May 19, 2024
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It’s not easy to acknowledge a fault. Every married couple knows that turning to a partner and asking forgiveness upon realizing that one has made a mistake takes a good deal of effort and strength. Sometimes it is easier to write one’s feelings in the form of a note; others might do it by sending flowers, but we do believe that the most effective way of asking forgiveness is by doing it face to face. It definitely can hurt and takes much more courage, but looking each other in the eye and agreeing that a mistake was made is heart-wrenching in its simplicity and beauty, and can do nothing but bring a couple closer.

In the case of young children, it is important from an early age to tell them that we are sorry if we realize we misjudged them or yelled at them unnecessarily. It is not necessary to dwell on it; once is more than enough to mention it.

As our children get older we must take responsibility for our faults. Often, we criticize them for behaviors they are mimicking from home. From their responses we can easily see how much we have hurt them. We need to transfer to them the obligation to ask for forgiveness upon doing a misdeed. They will learn to respect you for it.

It is painful to hear how many families are broken due to behaviors that in ordinary circumstances would be considered quite trivial. Is it really necessary not to speak to a sibling because he was not able to attend a simcha in the family? What about the siblings who believe that they are more entitled to their late parents’ household items? Is it worth it to break up a family over a piece of china, a silver Kiddush cup or a 50-year-old antique chair? We have seen it time and time again. There is always the brother-in-law who thinks he knows everything better than everyone else. There is the aunt who cannot tolerate the noise that her nieces and nephews make. Everyone, give it up. Life is too short. We have met so many lonely people who have family living within their same cities whom they refuse to contact because of some minute, ridiculous action that in some cases happened 20 years before.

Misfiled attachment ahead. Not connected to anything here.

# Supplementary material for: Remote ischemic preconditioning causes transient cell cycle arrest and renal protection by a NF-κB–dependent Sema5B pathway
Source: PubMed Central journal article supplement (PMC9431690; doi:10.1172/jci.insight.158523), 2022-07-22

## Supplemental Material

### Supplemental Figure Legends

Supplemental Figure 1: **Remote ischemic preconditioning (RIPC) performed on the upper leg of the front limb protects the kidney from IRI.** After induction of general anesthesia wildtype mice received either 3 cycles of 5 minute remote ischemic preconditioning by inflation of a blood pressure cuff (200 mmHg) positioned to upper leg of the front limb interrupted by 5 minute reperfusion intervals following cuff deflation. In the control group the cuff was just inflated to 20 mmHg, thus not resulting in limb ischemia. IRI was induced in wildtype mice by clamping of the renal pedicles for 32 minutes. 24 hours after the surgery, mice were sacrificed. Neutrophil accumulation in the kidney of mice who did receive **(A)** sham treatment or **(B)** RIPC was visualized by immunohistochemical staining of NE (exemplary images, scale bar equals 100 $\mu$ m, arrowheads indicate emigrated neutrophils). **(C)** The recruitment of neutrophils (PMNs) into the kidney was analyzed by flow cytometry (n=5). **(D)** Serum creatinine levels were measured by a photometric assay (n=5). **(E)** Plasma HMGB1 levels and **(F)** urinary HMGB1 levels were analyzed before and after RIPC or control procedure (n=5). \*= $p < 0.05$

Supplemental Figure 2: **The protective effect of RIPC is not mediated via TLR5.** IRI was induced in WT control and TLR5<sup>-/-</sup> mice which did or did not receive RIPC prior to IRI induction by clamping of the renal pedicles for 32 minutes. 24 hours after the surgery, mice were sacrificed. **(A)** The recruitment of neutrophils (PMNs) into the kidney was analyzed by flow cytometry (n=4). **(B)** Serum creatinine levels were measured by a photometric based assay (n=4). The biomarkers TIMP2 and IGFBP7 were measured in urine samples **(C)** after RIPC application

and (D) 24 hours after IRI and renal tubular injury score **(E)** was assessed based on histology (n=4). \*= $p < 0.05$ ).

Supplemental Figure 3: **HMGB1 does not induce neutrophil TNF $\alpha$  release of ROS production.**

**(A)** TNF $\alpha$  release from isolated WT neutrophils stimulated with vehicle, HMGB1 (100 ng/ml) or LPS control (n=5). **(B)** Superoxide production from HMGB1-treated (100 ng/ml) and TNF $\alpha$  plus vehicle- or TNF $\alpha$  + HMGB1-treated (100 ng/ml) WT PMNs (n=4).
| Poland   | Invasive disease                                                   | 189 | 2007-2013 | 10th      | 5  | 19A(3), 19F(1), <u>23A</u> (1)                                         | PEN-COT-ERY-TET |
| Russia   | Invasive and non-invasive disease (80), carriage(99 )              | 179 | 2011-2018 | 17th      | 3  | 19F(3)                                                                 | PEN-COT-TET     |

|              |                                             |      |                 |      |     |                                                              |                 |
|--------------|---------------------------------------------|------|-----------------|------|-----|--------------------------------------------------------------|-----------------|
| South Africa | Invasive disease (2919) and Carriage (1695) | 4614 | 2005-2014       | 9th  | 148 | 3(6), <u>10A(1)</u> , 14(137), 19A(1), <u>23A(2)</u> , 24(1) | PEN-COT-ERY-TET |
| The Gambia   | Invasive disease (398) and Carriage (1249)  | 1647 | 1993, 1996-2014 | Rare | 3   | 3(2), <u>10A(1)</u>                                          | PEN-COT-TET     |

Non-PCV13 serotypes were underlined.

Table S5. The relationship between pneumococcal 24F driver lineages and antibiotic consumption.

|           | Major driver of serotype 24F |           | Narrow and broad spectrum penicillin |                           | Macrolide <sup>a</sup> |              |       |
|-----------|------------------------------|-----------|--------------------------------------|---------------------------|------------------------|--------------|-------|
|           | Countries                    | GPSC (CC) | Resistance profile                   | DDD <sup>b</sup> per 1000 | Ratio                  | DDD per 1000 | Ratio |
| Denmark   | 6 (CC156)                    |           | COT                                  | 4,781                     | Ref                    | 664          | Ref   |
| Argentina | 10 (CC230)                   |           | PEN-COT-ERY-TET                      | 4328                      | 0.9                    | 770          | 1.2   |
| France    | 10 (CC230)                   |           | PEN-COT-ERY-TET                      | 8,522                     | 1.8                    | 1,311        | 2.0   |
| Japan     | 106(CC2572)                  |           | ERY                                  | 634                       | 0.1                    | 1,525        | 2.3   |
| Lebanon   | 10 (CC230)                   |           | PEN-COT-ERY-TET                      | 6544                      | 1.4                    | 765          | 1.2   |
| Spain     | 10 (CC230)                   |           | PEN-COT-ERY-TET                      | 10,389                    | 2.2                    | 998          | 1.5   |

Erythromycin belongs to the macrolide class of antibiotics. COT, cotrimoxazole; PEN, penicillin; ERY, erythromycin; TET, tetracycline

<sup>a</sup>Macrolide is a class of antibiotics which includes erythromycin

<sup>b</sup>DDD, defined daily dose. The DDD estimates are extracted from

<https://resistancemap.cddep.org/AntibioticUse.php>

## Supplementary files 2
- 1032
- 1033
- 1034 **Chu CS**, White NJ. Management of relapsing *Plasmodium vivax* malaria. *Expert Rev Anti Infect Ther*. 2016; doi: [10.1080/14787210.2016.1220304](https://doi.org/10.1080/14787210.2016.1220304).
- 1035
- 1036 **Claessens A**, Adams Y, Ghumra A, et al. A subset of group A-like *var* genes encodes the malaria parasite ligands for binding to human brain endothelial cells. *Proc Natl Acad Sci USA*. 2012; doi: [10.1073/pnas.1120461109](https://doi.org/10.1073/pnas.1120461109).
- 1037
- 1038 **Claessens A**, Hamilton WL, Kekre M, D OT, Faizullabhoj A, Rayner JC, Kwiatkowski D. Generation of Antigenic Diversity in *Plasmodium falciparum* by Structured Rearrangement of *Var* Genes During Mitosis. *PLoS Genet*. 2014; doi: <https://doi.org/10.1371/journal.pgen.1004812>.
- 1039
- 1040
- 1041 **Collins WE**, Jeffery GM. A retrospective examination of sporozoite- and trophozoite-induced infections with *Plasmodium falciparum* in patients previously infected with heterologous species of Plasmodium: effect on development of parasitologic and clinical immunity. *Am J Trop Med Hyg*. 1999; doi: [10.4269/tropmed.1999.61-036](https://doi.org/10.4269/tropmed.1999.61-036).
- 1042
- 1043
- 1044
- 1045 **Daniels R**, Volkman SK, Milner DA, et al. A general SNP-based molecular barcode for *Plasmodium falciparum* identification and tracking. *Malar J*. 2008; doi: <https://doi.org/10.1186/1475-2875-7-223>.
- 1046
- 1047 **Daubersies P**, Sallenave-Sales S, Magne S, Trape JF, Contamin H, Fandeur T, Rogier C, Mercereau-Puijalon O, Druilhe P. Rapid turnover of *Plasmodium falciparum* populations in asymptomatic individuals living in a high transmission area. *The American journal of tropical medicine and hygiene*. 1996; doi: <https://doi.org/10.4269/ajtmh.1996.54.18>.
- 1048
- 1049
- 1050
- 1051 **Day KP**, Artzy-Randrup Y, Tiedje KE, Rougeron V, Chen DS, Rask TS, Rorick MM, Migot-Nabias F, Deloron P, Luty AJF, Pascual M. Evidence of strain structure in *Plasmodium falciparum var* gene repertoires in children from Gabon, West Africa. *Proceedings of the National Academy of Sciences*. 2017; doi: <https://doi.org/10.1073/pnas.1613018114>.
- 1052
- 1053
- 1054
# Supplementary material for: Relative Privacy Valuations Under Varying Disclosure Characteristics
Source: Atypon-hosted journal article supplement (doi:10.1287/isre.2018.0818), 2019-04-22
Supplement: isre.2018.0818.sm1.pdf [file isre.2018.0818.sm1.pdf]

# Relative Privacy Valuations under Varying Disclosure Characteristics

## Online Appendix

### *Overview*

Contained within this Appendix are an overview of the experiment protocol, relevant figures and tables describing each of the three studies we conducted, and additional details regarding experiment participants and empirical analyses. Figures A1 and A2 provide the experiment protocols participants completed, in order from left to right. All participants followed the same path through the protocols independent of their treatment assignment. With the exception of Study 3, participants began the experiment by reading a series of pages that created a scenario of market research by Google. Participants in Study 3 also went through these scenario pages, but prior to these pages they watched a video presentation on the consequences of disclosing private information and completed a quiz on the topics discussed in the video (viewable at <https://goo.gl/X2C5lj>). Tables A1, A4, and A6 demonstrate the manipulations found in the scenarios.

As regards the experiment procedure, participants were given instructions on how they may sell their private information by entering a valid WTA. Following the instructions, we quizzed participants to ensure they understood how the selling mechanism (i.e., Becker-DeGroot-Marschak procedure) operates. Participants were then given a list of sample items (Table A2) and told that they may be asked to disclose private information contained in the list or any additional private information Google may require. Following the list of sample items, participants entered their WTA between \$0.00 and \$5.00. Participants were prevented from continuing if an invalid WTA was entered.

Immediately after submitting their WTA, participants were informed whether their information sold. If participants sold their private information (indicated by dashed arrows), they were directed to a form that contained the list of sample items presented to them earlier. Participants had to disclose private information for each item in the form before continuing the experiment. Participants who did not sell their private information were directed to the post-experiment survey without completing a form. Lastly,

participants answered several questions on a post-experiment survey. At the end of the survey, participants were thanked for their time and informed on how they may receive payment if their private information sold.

In the tefillah zaka, the Chayei Adam brings to our attention that there are two kinds of transgressions. The first is between man and Hashem. The second is between man and his fellow man. He explains that our relationship between man and Hashem affords us forgiveness through our tefillot, but those between man and man cannot be forgiven unless we personally address our remorse to the person we have hurt. Asking for forgiveness only is allowed when one is totally sincere. Making excuses and rationalizing our behaviors does not in any way forgive the hurt we have caused someone. We all know this is not an easy task. We all easily justify why we did what we did. When asking forgiveness we need to realize that it is irrelevant of what our thoughts were. Our goal is to sincerely wipe the slate clean. These actions are very difficult, yet once done allow us the opportunity to begin the new year with a confidence that we are sincerely trying to be better and more honest individuals.

We would like to ask any of you whom we have offended by any of our articles throughout the year to please forgive us. Never was there an intention to do so. As well, we are very grateful to all of you who have been in touch through this column. As a very last thought, we want to wish Moshe, our son-in-law, a most sincere mazel tov on this 200th issue of The Jewish Link. His dream has become a Shabbat staple in the homes of the Bergen, Essex, Middlesex, Passaic, & Union county observant communities. We are proud of what he has accomplished and send him much love.

By Rabbi Mordechai and Nina Glick

 Rabbi Mordechai and Nina Glick are living in Bergenfield after many years of service to the Montreal Jewish community. Rabbi Glick was the rav of Congregation Ahavat Yisroel as well as a practicing clinical psychologist in private practice. He also taught at Champlain Regional College. The Glicks were frequent speakers at the OU marriage retreats. Nina coordinated all Yachad activities in Montreal and was a co/founder of Maison Shalom, a group home for young adults with special needs. They can be reached at [email protected].

 

 

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